Call them what you will for it, romantics, perhaps even naive in this regard, but Gramsci and Marx describe the ‘intellectual’ as one who possesses a heightened sense of consciousness – a sense that enables the intellectual to extract or recover reality from a world made purposefully hazy. For these thinkers, the mystical gift of acumen also comes with its burdens. The role of the intellectual is not simply to seek, collect and retain knowledge, but also to unveil and act in relation to these carefully hidden ‘truths’.
To this end, the aspiration of good journalism is not so different. The ethical role of the journalist is often expressed in terms of “reporting the facts”. In this formulation, ‘reporting facts’ is tantamount to ‘good journalism’ when ‘reporting’ is synonymous with ‘truth telling.’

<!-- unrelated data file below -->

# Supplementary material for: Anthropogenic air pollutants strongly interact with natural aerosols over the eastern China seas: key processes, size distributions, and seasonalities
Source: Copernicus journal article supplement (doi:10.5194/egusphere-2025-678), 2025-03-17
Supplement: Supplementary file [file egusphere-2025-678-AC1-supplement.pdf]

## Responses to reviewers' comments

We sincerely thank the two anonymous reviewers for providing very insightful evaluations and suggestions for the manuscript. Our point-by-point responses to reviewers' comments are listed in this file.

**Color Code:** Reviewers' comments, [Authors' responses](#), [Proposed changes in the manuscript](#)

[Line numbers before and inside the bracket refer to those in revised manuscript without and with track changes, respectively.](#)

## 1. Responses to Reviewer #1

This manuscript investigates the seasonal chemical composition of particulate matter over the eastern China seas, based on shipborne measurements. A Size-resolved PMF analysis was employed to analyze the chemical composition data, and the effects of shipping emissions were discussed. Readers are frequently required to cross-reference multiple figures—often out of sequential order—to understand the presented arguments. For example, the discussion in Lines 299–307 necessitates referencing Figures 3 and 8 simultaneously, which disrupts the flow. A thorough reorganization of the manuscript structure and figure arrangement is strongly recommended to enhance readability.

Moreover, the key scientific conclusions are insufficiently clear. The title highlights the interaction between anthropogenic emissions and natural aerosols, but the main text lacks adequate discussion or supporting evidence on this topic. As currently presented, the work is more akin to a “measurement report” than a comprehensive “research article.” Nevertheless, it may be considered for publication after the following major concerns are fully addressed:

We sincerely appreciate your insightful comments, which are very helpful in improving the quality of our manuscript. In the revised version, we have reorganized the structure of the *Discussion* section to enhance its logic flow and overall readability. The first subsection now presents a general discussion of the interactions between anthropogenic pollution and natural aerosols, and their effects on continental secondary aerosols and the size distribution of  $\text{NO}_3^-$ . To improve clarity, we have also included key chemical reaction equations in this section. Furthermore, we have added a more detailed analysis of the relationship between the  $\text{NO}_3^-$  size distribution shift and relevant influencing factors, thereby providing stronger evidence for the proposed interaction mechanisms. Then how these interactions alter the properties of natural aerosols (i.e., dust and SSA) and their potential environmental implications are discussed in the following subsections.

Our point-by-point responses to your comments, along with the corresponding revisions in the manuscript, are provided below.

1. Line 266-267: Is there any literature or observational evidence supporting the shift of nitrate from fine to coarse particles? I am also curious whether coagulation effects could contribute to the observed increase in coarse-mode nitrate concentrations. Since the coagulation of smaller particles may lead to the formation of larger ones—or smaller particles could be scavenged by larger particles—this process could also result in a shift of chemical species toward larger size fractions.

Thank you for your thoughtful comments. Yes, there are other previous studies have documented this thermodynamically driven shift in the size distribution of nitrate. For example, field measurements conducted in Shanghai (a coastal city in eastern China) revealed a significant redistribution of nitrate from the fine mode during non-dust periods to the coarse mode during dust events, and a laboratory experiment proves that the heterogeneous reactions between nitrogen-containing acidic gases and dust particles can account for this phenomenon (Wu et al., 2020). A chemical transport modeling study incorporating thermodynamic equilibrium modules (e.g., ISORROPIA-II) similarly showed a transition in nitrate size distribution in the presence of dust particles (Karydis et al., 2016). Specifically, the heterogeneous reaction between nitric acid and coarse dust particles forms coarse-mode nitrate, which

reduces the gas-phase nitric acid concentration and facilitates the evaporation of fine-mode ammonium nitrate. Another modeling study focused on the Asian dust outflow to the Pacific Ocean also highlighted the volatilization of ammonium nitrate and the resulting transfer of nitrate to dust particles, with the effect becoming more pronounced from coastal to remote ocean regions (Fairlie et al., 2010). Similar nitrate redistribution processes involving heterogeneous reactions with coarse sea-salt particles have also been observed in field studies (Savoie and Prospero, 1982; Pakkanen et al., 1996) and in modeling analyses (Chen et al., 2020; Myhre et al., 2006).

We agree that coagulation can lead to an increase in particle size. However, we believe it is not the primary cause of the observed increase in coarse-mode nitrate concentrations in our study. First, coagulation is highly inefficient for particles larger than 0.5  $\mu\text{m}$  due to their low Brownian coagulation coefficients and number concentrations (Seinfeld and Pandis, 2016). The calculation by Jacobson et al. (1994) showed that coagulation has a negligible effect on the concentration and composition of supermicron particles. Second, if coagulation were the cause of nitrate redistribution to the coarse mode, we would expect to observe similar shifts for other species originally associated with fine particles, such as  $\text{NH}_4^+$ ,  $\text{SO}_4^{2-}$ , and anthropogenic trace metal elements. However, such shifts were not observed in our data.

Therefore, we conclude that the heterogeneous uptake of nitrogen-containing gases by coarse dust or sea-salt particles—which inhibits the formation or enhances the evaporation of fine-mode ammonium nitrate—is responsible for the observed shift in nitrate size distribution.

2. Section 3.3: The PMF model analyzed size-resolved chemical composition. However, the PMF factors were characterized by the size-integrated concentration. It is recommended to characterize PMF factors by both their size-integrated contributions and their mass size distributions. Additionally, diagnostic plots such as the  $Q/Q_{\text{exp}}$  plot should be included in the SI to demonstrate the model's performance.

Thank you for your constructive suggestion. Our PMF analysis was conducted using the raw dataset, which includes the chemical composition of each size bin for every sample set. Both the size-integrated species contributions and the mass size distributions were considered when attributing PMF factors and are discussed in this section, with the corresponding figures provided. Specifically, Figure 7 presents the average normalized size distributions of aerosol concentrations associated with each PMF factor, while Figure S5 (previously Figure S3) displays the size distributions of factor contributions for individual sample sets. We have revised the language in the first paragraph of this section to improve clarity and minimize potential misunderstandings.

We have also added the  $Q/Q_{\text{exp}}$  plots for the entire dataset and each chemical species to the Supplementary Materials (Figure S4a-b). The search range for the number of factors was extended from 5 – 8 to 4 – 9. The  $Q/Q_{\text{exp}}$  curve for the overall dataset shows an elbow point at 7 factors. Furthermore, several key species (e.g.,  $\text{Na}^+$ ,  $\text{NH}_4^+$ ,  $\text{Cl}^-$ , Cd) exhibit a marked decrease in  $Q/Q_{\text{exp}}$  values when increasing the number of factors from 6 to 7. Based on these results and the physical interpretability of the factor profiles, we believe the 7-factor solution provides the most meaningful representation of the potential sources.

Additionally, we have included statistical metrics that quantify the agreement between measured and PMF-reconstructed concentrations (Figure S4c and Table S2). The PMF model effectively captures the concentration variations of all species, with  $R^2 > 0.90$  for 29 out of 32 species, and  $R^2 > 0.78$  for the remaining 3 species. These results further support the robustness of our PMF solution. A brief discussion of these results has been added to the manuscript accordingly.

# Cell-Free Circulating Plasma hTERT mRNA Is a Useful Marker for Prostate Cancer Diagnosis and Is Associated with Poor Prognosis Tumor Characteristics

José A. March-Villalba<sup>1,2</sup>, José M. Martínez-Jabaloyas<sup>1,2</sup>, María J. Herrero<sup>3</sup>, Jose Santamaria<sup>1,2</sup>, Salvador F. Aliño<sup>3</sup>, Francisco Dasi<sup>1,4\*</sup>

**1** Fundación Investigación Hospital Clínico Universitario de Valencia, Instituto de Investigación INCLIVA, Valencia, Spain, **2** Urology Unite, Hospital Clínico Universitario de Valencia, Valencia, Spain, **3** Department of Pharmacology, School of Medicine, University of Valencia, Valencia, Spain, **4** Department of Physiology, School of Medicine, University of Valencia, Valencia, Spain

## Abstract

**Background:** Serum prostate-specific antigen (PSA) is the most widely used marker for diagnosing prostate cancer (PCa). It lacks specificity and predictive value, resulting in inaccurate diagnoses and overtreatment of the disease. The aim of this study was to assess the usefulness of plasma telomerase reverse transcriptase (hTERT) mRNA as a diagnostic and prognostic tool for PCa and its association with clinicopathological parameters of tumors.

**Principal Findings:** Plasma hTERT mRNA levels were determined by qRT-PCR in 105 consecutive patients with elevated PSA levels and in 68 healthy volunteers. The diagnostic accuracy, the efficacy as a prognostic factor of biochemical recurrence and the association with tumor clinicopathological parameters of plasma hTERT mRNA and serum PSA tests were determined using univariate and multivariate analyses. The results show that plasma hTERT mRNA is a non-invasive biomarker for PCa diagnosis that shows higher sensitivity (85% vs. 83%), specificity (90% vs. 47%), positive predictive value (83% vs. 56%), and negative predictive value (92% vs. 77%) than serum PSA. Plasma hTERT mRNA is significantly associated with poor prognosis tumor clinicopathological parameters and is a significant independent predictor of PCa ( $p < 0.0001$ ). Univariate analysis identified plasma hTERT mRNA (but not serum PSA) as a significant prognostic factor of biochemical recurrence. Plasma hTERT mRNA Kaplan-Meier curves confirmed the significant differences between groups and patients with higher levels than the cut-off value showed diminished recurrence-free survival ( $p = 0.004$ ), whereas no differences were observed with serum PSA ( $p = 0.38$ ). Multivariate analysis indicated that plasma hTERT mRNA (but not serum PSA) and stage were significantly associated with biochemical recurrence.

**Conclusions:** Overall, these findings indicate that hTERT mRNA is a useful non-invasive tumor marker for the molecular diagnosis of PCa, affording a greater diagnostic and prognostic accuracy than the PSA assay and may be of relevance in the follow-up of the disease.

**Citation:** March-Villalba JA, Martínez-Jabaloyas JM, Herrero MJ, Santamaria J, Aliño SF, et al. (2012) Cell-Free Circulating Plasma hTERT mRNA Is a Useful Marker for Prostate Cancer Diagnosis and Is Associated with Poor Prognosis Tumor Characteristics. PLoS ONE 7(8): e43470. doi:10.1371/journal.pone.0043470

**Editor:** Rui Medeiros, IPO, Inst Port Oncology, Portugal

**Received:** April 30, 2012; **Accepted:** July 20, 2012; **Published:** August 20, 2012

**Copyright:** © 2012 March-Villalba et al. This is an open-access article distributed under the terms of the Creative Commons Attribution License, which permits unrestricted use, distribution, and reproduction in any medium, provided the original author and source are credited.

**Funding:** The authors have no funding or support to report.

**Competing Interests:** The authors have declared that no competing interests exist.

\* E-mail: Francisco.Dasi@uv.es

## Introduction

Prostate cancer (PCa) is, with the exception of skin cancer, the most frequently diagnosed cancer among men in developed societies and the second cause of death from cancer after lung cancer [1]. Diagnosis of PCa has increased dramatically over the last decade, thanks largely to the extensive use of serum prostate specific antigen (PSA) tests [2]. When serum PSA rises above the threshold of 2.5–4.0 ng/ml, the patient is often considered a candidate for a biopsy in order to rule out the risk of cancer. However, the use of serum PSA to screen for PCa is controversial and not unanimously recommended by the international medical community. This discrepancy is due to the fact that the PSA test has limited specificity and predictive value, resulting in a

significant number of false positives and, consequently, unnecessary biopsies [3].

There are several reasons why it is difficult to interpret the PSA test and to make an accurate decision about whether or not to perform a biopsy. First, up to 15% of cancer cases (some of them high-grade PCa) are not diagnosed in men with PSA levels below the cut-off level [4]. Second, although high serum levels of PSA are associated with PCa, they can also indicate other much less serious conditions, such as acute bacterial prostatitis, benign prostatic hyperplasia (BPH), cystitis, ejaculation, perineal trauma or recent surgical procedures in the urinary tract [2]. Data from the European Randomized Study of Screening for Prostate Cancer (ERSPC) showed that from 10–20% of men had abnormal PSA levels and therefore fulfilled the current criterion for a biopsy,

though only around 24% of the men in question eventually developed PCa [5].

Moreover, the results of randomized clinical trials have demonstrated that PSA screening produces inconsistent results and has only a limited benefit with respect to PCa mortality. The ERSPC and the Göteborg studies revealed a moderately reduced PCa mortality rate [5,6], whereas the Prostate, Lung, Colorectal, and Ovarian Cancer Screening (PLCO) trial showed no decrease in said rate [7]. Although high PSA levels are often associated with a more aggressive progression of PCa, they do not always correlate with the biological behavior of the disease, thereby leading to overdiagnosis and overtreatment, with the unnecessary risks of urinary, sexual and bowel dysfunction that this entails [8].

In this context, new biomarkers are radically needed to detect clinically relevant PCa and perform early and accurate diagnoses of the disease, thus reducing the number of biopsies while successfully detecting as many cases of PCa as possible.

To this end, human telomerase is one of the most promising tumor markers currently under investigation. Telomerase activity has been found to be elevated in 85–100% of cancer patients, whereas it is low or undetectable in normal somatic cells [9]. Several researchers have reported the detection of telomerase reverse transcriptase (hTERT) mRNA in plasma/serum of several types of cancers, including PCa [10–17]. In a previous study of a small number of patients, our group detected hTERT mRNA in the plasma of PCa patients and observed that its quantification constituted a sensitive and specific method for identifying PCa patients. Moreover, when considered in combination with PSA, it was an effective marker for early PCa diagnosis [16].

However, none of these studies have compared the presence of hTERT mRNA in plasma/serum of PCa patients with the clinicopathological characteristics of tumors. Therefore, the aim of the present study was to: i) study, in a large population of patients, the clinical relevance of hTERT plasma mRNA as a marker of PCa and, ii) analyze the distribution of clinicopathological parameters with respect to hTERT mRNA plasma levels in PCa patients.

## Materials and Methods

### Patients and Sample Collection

We also know that ‘truth seeking’ maintains a centrality in our everyday experiences, both present in our most ardent and public socio-political concerns as well as our most private existential and interpersonal questions about life. But why does the notion of ‘truth’ matter to us? What purpose does such a concept have and for what reasons should it be retained?